Moon tells top justice officials to stop fighting each other

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Moon tells top justice officials to stop fighting each other

President Moon Jae-in, center, speaks at the anti-corruption policy meeting at the Blue House on Monday. Prosecutor General Yoon Seok-youl, left, was among the participants of the meeting, as well as his rival, Justice Minister Choo Mi-ae.  [YONHAP]

President Moon Jae-in, center, speaks at the anti-corruption policy meeting at the Blue House on Monday. Prosecutor General Yoon Seok-youl, left, was among the participants of the meeting, as well as his rival, Justice Minister Choo Mi-ae. [YONHAP]

 
President Moon Jae-in on Monday urged his justice minister and the prosecutor general to stop fighting each other and cooperate to complete reform of the prosecution.  
 
“Last week, the Ministry of Justice and the prosecution each launched task-force teams to protect human rights during criminal procedures,” Moon said during his opening remarks at a Blue House policy meeting that included both top officials. “Since the two powerful organs willingly started the initiatives, they must cooperate with each other and prepare a bold reform measure to make the people feel actual changes.”  
 
Prosecutor General Yoon Seok-youl has been facing growing pressures from the ruling party to step down for his constant discord with Justice Minister Choo Mi-ae.

 
Moon stressed the importance of cooperation as the friction between Yoon and Choo reached a new peak last week amid disagreements over an ongoing investigation into the prosecutors’ handling of a 2010 corruption probe into former Prime Minister Han Myeong-sook.  
 
On May 29, Yoon reassigned the case to the human rights monitoring office of the Seoul Central District Prosecutors’ Office. The investigation is reviewing prosecutors’ suspected coercion of a witness to testify against Han, and was originally assigned to the more independent and powerful Inspection Headquarters of the Supreme Prosecutors’ Office.  
 
Led by Han Dong-soo, a former judge appointed by Choo’s predecessor Cho Kuk, the Inspection Headquarters has the power to request warrants, conduct raids and detain suspects, unlike the human rights monitoring office. Han Dong-soo has also argued that his team should be in charge of the internal probe.  
 
During a National Assembly hearing last week, Choo said Yoon’s assignment was a mistake. She then ordered the Inspection Headquarters to directly question key witnesses instead of waiting for the human rights office’s findings.  
 
Tensions then boiled over, with the ruling Democratic Party (DP) starting a campaign to oust Yoon. Rep. Sul Hoon, a member of the DP’s Supreme Council, said Friday that Yoon must step down for his “hostility” toward the Moon administration.  
 
Moon appointed Yoon as the prosecutor general on July 25, 2019. The two-year tenure is guaranteed by law.  
 
In a concession on the eve of the Blue House meeting with Moon and Choo, Yoon ordered the Inspection Headquarters and the human rights office to share their findings and conduct probes simultaneously. The announcement from the Supreme Prosecutors’ Office came Sunday night.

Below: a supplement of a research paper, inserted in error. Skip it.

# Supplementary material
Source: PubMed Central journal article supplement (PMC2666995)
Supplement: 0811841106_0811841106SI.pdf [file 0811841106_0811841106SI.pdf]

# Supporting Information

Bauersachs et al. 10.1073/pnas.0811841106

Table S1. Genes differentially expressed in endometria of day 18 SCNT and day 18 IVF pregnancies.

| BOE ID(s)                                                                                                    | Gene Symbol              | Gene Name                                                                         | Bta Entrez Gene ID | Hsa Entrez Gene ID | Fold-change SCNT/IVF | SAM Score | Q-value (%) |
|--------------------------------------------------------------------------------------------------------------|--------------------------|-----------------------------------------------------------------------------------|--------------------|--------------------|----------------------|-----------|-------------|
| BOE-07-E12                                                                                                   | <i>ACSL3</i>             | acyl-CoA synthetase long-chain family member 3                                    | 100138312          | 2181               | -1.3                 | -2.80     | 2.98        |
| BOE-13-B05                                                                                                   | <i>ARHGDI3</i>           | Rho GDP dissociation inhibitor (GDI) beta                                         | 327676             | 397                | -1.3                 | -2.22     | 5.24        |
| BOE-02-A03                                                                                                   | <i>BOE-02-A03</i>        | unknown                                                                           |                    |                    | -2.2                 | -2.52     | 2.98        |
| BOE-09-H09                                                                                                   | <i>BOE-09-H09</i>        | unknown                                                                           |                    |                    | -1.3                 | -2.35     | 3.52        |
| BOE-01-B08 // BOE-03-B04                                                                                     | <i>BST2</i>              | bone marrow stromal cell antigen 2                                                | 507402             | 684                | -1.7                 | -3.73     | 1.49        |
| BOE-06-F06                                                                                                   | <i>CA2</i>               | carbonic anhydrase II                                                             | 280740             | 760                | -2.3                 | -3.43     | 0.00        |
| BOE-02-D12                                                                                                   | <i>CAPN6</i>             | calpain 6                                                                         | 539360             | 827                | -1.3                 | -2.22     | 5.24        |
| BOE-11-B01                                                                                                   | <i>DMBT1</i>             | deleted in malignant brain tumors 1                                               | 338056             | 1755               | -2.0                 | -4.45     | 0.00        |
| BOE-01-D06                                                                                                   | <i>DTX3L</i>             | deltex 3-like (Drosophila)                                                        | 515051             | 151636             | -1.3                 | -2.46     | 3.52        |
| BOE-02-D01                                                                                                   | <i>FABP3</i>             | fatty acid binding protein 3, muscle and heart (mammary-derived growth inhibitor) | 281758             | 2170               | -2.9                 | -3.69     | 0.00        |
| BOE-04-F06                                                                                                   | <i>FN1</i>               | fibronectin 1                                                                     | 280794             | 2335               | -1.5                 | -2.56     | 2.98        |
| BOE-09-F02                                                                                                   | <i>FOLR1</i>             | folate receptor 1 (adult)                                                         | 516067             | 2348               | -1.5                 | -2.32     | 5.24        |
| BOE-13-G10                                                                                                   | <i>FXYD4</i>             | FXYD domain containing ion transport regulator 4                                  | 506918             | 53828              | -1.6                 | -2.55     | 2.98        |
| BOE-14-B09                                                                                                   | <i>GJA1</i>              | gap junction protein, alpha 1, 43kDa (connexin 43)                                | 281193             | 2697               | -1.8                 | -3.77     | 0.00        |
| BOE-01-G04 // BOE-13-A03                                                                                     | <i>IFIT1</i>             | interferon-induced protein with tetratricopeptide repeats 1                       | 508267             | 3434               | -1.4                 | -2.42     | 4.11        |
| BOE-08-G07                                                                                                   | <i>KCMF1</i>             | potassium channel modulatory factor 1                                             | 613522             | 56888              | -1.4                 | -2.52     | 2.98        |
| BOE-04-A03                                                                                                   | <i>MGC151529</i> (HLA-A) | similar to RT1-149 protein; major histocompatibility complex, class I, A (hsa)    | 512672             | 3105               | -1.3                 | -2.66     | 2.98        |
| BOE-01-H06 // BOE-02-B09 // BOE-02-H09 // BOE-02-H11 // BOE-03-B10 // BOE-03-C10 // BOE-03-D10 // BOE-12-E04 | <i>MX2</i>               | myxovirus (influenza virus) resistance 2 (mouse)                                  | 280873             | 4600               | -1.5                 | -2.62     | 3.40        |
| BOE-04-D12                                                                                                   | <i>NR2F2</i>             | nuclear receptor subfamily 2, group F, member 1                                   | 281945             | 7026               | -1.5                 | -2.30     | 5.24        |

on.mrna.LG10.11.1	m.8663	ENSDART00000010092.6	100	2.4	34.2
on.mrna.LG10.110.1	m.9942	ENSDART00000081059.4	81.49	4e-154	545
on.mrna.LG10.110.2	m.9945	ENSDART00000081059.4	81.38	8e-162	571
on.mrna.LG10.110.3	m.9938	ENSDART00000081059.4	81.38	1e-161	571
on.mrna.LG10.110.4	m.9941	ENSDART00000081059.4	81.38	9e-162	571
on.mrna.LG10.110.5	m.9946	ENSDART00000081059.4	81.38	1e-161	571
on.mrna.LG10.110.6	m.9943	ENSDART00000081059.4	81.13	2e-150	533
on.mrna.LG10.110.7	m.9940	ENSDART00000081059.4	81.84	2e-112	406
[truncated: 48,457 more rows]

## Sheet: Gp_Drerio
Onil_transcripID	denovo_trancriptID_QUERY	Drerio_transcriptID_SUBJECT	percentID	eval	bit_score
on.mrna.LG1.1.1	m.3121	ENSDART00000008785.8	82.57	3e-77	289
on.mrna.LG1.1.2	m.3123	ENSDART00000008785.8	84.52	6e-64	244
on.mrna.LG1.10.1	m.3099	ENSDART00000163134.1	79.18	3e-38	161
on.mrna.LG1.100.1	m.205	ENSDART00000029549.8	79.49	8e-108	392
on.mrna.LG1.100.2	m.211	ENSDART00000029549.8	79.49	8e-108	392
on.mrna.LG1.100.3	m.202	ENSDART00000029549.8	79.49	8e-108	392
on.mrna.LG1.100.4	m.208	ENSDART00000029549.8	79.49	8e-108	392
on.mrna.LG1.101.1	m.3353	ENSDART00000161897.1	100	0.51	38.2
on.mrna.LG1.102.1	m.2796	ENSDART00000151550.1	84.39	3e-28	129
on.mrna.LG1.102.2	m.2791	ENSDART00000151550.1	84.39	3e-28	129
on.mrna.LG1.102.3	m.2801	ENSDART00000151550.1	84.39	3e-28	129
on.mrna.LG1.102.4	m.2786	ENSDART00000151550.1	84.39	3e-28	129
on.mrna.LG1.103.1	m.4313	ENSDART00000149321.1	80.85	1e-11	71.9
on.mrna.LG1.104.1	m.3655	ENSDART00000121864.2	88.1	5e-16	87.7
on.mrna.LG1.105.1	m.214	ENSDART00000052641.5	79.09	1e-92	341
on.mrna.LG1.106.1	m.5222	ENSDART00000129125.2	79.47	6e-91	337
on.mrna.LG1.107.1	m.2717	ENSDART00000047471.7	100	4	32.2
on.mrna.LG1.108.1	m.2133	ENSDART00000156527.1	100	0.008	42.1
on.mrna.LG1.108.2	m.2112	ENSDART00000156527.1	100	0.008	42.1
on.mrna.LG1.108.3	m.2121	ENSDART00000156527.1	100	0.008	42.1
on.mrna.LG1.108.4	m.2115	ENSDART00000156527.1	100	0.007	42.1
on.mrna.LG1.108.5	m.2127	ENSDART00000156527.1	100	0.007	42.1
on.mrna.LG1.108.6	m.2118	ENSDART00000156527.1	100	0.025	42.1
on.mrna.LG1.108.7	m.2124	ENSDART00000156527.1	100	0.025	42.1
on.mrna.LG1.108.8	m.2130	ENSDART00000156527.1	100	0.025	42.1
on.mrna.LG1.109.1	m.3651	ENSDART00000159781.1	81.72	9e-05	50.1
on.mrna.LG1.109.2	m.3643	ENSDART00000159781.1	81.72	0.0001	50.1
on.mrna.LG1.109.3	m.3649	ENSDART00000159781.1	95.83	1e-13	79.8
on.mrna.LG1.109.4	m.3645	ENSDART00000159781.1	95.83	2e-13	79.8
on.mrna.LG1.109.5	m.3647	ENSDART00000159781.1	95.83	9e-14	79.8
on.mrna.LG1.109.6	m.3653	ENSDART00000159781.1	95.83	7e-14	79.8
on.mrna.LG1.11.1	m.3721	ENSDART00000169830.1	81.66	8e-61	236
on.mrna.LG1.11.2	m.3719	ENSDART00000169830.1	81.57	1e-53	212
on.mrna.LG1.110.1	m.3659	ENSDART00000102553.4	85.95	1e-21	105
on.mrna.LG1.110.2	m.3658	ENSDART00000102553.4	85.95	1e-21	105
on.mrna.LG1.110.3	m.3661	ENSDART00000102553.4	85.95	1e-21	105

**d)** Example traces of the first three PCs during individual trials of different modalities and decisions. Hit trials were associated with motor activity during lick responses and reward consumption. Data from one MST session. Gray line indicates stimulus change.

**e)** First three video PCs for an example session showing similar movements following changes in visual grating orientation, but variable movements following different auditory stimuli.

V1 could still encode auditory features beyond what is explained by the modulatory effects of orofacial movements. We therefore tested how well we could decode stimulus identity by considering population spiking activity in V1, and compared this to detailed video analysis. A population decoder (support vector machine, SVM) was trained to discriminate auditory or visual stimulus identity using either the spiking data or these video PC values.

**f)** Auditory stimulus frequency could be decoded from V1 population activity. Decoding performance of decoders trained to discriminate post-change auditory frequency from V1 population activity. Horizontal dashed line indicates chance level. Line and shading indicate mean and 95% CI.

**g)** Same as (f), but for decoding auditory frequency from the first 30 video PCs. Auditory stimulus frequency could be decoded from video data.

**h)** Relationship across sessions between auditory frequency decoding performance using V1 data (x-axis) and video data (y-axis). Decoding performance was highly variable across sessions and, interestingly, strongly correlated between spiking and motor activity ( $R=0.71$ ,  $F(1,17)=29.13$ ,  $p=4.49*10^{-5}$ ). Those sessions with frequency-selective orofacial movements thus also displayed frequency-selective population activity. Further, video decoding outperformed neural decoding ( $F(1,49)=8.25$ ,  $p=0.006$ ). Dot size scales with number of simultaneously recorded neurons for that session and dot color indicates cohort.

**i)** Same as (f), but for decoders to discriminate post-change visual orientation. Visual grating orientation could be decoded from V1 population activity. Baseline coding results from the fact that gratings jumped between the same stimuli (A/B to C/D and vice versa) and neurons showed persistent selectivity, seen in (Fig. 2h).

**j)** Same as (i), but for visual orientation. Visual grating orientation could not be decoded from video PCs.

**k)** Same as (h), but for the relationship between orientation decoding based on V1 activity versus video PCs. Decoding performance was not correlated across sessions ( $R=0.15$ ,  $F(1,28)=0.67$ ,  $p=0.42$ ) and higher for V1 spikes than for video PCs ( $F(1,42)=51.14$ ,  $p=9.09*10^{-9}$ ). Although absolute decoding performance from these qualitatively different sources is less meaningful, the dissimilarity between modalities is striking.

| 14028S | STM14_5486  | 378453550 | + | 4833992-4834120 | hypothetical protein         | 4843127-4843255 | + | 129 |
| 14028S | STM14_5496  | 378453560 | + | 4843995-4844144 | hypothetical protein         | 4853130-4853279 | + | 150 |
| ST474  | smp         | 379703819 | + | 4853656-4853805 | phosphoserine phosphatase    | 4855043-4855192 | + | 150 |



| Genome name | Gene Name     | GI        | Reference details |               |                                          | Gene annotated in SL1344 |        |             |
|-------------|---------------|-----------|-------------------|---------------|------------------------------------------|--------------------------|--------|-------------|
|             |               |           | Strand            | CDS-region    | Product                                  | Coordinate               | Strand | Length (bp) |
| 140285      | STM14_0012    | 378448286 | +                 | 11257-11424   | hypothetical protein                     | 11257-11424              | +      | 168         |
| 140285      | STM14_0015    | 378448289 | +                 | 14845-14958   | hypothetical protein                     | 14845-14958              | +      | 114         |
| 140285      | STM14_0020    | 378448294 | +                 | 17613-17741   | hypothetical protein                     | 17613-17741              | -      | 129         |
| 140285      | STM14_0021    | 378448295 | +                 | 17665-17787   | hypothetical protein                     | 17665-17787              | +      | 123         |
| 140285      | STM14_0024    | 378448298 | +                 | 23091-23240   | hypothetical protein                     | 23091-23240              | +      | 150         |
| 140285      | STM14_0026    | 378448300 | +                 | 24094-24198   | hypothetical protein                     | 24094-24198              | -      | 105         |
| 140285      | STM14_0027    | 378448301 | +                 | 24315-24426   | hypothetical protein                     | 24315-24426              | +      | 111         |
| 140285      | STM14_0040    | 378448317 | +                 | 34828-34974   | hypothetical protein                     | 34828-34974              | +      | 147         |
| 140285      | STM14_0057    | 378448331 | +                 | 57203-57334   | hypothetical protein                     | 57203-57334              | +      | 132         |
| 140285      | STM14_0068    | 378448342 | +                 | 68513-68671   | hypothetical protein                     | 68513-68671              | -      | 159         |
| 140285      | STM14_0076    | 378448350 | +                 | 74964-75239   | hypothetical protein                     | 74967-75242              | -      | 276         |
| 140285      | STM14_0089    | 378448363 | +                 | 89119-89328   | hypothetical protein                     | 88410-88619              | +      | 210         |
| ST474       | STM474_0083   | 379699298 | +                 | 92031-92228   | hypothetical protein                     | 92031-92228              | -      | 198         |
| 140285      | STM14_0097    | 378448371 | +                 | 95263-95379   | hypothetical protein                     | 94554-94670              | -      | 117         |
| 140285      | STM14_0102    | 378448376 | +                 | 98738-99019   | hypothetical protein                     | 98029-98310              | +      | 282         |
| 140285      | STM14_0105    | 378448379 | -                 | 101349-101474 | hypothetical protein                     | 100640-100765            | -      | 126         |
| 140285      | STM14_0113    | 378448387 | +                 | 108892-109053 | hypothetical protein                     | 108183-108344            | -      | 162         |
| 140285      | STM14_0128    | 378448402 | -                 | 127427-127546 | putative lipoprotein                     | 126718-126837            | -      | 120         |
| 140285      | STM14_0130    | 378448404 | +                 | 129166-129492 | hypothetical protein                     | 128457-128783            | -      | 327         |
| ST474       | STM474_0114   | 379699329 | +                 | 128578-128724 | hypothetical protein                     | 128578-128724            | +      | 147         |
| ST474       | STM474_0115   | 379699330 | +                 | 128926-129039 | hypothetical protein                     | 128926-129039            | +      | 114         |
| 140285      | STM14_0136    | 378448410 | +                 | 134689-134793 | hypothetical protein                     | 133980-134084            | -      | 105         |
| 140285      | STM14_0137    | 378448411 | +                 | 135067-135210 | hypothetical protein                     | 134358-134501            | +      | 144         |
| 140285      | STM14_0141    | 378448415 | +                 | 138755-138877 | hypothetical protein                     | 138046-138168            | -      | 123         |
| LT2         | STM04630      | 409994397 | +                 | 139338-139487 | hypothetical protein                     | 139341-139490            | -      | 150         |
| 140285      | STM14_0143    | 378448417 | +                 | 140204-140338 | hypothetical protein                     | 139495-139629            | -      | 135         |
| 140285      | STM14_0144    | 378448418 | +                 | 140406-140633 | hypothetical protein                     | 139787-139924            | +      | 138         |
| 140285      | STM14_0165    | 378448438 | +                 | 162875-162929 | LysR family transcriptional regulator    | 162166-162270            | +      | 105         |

Although Moon expressed deep confidence in Yoon for his fairness at the time of the appointment, the mood changed quickly. In August, prosecutors went after one of Moon’s key allies, former Justice Minister Cho, and his family for alleged academic and financial fraud. Cho stepped down from the minister post after just 36 days in office in October.  
 
In November, Moon told Yoon that it is his job to create a fair anti-corruption system that will work even if Yoon is not the prosecutor general. The prosecution continued its probe and indicted Cho on 12 different charges, including bribery and graft, in December.  
 
Prosecutors argued that Yoon must remain, as the office is facing massive changes. A new investigation agency tasked with corruption probes into senior public servants is scheduled to open in July, and the prosecution will surrender some of its investigative powers to the police.  
 
“More changes will be introduced as follow-up reform measures, and that will bring about a complete change to the criminal justice system,” said one prosecutor. “If the prosecutor general leaves now, not only the prosecution but the system will be destroyed. He must stay for all, not for himself.”  
 
Another prosecutor agreed: “Inside the prosecution, overwhelming majority said Yoon must stay."
 
Moon said Monday that Choo and Yoon should also do their best to support the upcoming opening of the new investigation agency and the planned redistribution of investigative powers between the prosecutors and police.  
 
“I also ask for the National Assembly’s support so that the new investigation agency will launch next month as stated in the law,” Moon said.
 
According to the law governing the new investigation agency, a seven-member nomination panel is supposed to recommend two candidates to head the agency to the president. Moon will select one of the two and make an appointment.
 
The ruling party is supposed to name two panel members, while the opposition is supposed to name two. The Ministry of Justice, the Ministry of Court Administration and the Korean Bar Association will each name one panel member.  
 
The panel, however, has yet to be formed with the National Assembly in a deadlock. The opposition United Future Party has been boycotting the legislature in response to recent moves by DP to wield its majority at the expense of National Assembly traditions.  
 
BY SER MYO-JA   [ser.myoja@joongang.co.kr]  
 
 

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